Hooray for spring fever, April festivals … and the foods they fancy

April ushers in a season of festivals celebrating spring, rebirth and freedom. Easter commemorates the miracle of resurrection; Passover reminds the Jews of the Exodus and their ancestors’ liberation from slavery; and Hindus in Cambodia, Laos, Myanmar and Thailand fete Songkran, their traditional New Year, a four-day hoopla of water “fights” and feasts. Soon after, Arbor Day and Earth Day bloom in the United States.

Catherine L. Kaufman

Catherine L. Kaufman

Whether or not there is a connection between spring fever and the April-long National Poetry Month, I’ll let you decide. In the spirit of poetry and to honor the suffering caused by Japan’s multiple disasters, this Kitchen Shrink is trying her hand at a food-inspired Haiku:

Repair renew pray

Wish clean fish oodles noodles

Soothing soup nice rice


Some favorite Easter eats include hand painted hard-boiled eggs, chocolate bunnies, marshmallow Peeps and hot cross buns originally created by Anglo-Saxon ancestors who baked cakes to honor the spring goddess, Eostre. When Christianity began to flourish the church swapped out the cakes for sweet buns, and blessed them with crosses emblazoned in the dough. Roast lamb or baked ham is traditionally served on Easter Sunday. The versatile pig was not only considered a symbol of luck by early Christians, but the animals were slaughtered in the fall and cured for spring, a convenient dish for the Easter dinner.


Roast lamb harks back to early Passover Seders as depicted in Da Vinci’s painting, “The Last Supper.” Jews ate the sacrificial lamb along with unleavened bread or matzo and bitter herbs, praying the Angel of Death would “pass over” their homes to leave them safe. When some Hebrews converted to Christianity, they continued the tradition of eating roast lamb for the holidays.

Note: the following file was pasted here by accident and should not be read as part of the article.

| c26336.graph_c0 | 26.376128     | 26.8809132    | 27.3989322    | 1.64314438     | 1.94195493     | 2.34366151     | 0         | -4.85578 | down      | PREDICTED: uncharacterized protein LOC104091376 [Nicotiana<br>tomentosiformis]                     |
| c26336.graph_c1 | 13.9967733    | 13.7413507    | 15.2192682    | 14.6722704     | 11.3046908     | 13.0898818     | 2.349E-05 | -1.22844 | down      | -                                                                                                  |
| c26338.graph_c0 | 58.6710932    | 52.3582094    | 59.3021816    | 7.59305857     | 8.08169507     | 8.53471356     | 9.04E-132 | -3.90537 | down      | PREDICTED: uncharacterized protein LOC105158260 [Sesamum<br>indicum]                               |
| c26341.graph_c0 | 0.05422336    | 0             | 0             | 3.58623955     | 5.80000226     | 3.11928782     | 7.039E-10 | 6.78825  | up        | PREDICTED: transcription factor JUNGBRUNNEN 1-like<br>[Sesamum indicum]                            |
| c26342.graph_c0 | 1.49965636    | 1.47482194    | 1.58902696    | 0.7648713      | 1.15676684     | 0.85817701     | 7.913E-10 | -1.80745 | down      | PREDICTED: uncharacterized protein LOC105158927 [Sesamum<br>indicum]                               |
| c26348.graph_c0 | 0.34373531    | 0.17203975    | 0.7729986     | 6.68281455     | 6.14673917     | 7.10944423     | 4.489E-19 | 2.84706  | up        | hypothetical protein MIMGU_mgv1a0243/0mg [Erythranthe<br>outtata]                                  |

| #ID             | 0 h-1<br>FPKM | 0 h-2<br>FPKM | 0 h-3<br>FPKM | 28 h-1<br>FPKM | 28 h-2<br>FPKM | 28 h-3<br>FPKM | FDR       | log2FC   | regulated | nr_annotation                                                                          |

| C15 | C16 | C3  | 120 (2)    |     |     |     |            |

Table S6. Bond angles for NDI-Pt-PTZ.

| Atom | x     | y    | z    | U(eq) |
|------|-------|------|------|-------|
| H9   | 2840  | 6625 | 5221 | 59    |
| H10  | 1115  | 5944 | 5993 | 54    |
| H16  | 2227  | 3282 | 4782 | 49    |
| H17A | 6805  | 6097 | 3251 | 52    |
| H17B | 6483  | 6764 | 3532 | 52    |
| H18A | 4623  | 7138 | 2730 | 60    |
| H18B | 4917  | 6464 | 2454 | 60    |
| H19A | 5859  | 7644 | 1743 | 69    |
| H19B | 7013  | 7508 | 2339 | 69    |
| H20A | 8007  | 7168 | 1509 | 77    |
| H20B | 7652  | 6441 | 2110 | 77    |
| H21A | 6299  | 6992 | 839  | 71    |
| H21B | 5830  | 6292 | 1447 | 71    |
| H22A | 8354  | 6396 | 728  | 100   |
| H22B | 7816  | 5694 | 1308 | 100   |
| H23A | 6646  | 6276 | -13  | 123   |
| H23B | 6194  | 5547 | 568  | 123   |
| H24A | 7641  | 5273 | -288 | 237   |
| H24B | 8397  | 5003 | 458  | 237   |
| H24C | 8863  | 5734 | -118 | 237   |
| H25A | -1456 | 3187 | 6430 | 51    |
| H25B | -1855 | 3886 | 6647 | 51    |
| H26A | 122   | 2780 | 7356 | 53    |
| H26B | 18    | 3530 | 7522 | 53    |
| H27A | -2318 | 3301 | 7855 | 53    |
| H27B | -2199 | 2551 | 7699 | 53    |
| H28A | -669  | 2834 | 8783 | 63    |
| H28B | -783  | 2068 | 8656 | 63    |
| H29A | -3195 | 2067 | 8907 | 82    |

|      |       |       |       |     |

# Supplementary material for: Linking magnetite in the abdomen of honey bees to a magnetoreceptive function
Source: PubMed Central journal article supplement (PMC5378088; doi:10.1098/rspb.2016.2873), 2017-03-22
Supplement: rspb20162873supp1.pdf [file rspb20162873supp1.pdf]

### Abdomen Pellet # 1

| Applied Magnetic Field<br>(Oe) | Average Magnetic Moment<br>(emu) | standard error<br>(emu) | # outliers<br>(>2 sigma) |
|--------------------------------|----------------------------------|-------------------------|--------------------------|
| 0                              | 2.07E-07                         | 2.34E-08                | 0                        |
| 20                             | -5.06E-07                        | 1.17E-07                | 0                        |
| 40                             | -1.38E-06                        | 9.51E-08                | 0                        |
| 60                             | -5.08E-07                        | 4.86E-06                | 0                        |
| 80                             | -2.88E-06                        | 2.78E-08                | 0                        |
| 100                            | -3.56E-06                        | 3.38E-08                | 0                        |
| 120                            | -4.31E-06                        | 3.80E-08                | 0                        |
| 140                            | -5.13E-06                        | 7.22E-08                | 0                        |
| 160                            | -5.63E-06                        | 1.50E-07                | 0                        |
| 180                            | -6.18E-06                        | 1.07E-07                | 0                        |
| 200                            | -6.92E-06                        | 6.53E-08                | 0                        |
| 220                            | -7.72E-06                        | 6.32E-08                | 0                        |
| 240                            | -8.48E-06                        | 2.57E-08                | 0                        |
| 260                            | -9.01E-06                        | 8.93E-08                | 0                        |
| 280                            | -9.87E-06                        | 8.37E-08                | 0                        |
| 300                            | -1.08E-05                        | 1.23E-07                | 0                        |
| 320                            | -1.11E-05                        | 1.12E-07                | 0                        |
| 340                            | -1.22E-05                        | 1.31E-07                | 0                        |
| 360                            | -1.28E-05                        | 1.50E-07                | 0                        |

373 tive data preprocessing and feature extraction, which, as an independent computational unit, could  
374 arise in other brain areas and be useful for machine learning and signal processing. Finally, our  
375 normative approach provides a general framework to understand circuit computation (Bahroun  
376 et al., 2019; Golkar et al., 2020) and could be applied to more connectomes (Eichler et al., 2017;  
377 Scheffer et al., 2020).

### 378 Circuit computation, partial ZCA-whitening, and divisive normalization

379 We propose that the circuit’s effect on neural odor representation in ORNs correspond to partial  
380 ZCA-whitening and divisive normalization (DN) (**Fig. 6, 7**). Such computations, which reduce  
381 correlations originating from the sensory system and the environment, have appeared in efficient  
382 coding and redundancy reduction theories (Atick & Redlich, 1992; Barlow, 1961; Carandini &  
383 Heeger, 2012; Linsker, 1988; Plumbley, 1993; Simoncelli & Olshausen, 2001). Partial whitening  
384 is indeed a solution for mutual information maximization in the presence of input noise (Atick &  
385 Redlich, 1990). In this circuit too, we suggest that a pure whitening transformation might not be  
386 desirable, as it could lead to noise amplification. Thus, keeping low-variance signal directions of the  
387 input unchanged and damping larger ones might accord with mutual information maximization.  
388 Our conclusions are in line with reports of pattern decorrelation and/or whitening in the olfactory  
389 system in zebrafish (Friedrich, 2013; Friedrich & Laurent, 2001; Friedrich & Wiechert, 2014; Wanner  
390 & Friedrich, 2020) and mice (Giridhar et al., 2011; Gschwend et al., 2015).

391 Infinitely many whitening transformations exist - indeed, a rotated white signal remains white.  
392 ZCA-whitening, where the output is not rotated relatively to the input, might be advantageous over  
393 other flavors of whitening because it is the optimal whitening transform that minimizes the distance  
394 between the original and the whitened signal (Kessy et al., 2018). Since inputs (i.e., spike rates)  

As it was during “The Last Supper,” the Seder table must be free of chametz – taboo foods including leavening agents, flour, bread, grains and legumes. During the holiday fresh fruits and veggies are permitted, along with kosher fish, meat and fowl.

Sephardic Jews, whose ancestors were from the Middle East and Spain, are allowed rice and other no-nos in the Ashkenazi (Eastern European) Jewish households. On the two Seder nights ritual foods are arranged on the Seder plate. In keeping with the spirit of poetry month, here’s a little ditty to help prepare the symbolic centerpiece: “Let’s arrange the Seder plate everything in order; haroseth, shank bone, parsley, egg and in the center morror.”

The most scrumptious is the haroseth, a mixture of fruits and nuts that resembles the mortar the Hebrew slaves used to build the Egyptian pyramids, while coconut macaroons, which come in assorted flavors from traditional almond to mocha and rocky road, are holiday faves.


The Thai New Year, aka the water festival of Songkran, is celebrated yearly starting April 13. Many symbolic rituals are performed during this time of merriment including sprinkling copious amounts of water on people and “spirit houses” to wash away bad fortune and bring lucky rain showers for the crops, while tying twine around trees as an offering to the spirits. Vermicelli and other noodle dishes are popular to symbolize the blessed twine.

The authentic flavors and festivities of Songkran can be sampled at celebrity Chef Su-Mei Yu’s Saffron sister eateries both on India Street. The festivities include a street food market serving Lao and Thai finger fare, performances by Thai dancers, Thai ceremonial blessings and offerings of beloved holiday dishes such as Kai Keng Khao Poon Chin, an aromatic chicken, squid and mushroom stew over rice vermicelli, Mauk Hed Kaen, grilled mushrooms in a banana pouch, and sticky rice with sweet mangos.

Coconut macaroons are served as Thai treats, as well as at the Passover table.  These multi-tasking morsels can be shaped like eggs and served as divine delicacies for Easter, too.

Coconut Almond Macaroons

14 ounces sweet, shredded coconut

4 large egg whites

10 ounces sweetened condensed milk

1/4-teaspoon salt

1 teaspoon almond extract

1/2 cup toasted, sliced almonds

Directions: Preheat oven to 325 degrees F. In a mixing bowl, combine the coconut, milk and extract. In the bowl of an electric mixer, beat the egg whites and salt until stiff peaks form. Combine the mixtures, and fold in the almonds. Drop the batter onto parchment-lined cookie sheets using an ice cream scooper. Bake for 30 minutes or until golden.

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Posted by Staff on Apr 4, 2011. Filed under Columns, Editorial Columns, Food, Kitchen Shrink. You can follow any responses to this entry through the RSS 2.0. You can leave a response or trackback to this entry

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